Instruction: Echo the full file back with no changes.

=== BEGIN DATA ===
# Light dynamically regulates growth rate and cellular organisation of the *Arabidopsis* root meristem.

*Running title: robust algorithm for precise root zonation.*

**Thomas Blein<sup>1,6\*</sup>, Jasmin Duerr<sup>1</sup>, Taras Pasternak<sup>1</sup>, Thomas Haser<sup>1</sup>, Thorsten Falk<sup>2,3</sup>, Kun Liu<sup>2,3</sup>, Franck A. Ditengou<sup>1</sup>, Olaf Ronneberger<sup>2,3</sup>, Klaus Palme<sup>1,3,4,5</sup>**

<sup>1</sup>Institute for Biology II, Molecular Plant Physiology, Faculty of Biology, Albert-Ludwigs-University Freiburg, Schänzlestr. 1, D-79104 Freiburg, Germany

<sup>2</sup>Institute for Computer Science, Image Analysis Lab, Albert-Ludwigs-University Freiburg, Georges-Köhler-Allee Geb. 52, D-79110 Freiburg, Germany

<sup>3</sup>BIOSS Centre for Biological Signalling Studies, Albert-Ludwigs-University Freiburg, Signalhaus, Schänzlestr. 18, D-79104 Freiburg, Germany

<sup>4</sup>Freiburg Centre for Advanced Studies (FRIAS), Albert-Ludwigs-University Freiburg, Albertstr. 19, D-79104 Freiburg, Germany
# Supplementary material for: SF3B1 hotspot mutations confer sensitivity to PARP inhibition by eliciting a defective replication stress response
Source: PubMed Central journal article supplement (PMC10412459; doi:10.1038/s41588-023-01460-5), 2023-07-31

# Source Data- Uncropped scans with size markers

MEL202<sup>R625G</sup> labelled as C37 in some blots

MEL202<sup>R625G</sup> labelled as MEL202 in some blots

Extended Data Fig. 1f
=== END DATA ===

# Light dynamically regulates growth rate and cellular organisation of the *Arabidopsis* root meristem.

*Running title: robust algorithm for precise root zonation.*

**Thomas Blein<sup>1,6\*</sup>, Jasmin Duerr<sup>1</sup>, Taras Pasternak<sup>1</sup>, Thomas Haser<sup>1</sup>, Thorsten Falk<sup>2,3</sup>, Kun Liu<sup>2,3</sup>, Franck A. Ditengou<sup>1</sup>, Olaf Ronneberger<sup>2,3</sup>, Klaus Palme<sup>1,3,4,5</sup>**

<sup>1</sup>Institute for Biology II, Molecular Plant Physiology, Faculty of Biology, Albert-Ludwigs-University Freiburg, Schänzlestr. 1, D-79104 Freiburg, Germany

<sup>2</sup>Institute for Computer Science, Image Analysis Lab, Albert-Ludwigs-University Freiburg, Georges-Köhler-Allee Geb. 52, D-79110 Freiburg, Germany

<sup>3</sup>BIOSS Centre for Biological Signalling Studies, Albert-Ludwigs-University Freiburg, Signalhaus, Schänzlestr. 18, D-79104 Freiburg, Germany

<sup>4</sup>Freiburg Centre for Advanced Studies (FRIAS), Albert-Ludwigs-University Freiburg, Albertstr. 19, D-79104 Freiburg, Germany
# Supplementary material for: SF3B1 hotspot mutations confer sensitivity to PARP inhibition by eliciting a defective replication stress response
Source: PubMed Central journal article supplement (PMC10412459; doi:10.1038/s41588-023-01460-5), 2023-07-31

# Source Data- Uncropped scans with size markers

MEL202<sup>R625G</sup> labelled as C37 in some blots

MEL202<sup>R625G</sup> labelled as MEL202 in some blots

Extended Data Fig. 1f